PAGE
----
Mali’s governmnet to probe ethnic rebel leaders, suggesting collapse of crucial 2015 peace deal

BAMAKO, Mali — Mali’s military government announced an investigation into ethnic rebel leaders who signed a peace agreement in 2015 to halt their quest for an independent state, a development experts said shows the crucial deal has collapsed.

The public prosecutor at the Bamako Court of Appeal ordered Tuesday night the probe into the Tuareg rebellion leaders who have accused the government of not complying with the agreement and attacked security forces in recent months, driving them out of northern Mali in an attempt to create the state of Azawad— which they call home.

The government in turn has referred to the rebels as a “terrorist group.”

In a televised written statement, the public prosecutor stated a division “specialized in fighting terrorism and transnational organized crime was to start an investigation against terrorist leaders” who signed the agreement eight years ago.

Key leaders of the Tuareg rebellion were named in the statement; Alghabass Ag Intalla and Bilal Ag Acherif, as well as leaders of the al-Qaeda-linked JNIM group, Iyad Ag Ghaly and Amadou Koufa.

For the last couple of months, some of the rebels have been abandoning the agreement, signaling a rise in tension between them and Mali’s junta.

Analysts have in the past warned that the fragile peace agreement — that had slowed violence over the years in the troubled region — may crumble.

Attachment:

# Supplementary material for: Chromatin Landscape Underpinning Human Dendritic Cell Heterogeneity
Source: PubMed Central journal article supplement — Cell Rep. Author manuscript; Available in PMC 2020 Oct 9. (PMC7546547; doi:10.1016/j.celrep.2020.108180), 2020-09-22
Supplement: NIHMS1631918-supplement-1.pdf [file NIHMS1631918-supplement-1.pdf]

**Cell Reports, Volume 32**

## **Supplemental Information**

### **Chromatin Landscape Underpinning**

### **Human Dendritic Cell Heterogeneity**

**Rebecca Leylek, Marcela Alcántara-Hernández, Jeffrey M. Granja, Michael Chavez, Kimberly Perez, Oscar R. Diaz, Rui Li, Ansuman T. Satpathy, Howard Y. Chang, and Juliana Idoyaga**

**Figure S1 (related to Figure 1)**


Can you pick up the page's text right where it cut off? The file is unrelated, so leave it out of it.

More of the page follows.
“We can effectively say that the 2015 peace agreement has collapsed,” said Shaantanu Shankar, Country Analyst for Africa at the Economist Intelligence Unit

“The Malian junta is facing serious problems with Jihadi terrorism on one front and at the same time trying to fight an armed political movement and the rebels in the north, so the junta is overstretched,” he said.

Mali’s military recently seized control of the northern town of Kidal, dominated by the rebels for nearly a decade.

The military will focus on sustaining stability in the town as well as central and southern Mali which play a crucial role in the nation’s economy, said Shankar.

In 2015, the Tuareg rebel groups signed a peace deal with the government after other armed groups did, putting a halt to the fighting. The deal, at the time, was wleocmed by the United Nations.

The Tuareg rebellion in Mali’s far north has been a source of conflict for decades.

Associated Press writer Chinedu Asadu in Abuja, Nigeria contributed to this report.

Source link

You May Also Like

Hamas Leader Visits Cairo Amid Talks of a Gaza Ceasefire

DEIR AL-BALAH, Gaza Strip — Hamas’ top leader traveled to Cairo on…

Russia to annex 4 occupied regions of Ukraine this week after

Kyiv — Russia confirmed on Thursday it will formally annex parts of Ukraine…

UN expert accuses Israel of ‘genocide’ in Gaza

Albanese says there are clear indications that Israel has violated three of…

7 dead in Turkish restaurant blast; gas leak suspected

ISTANBUL — An explosion at a restaurant in western Turkey killed seven…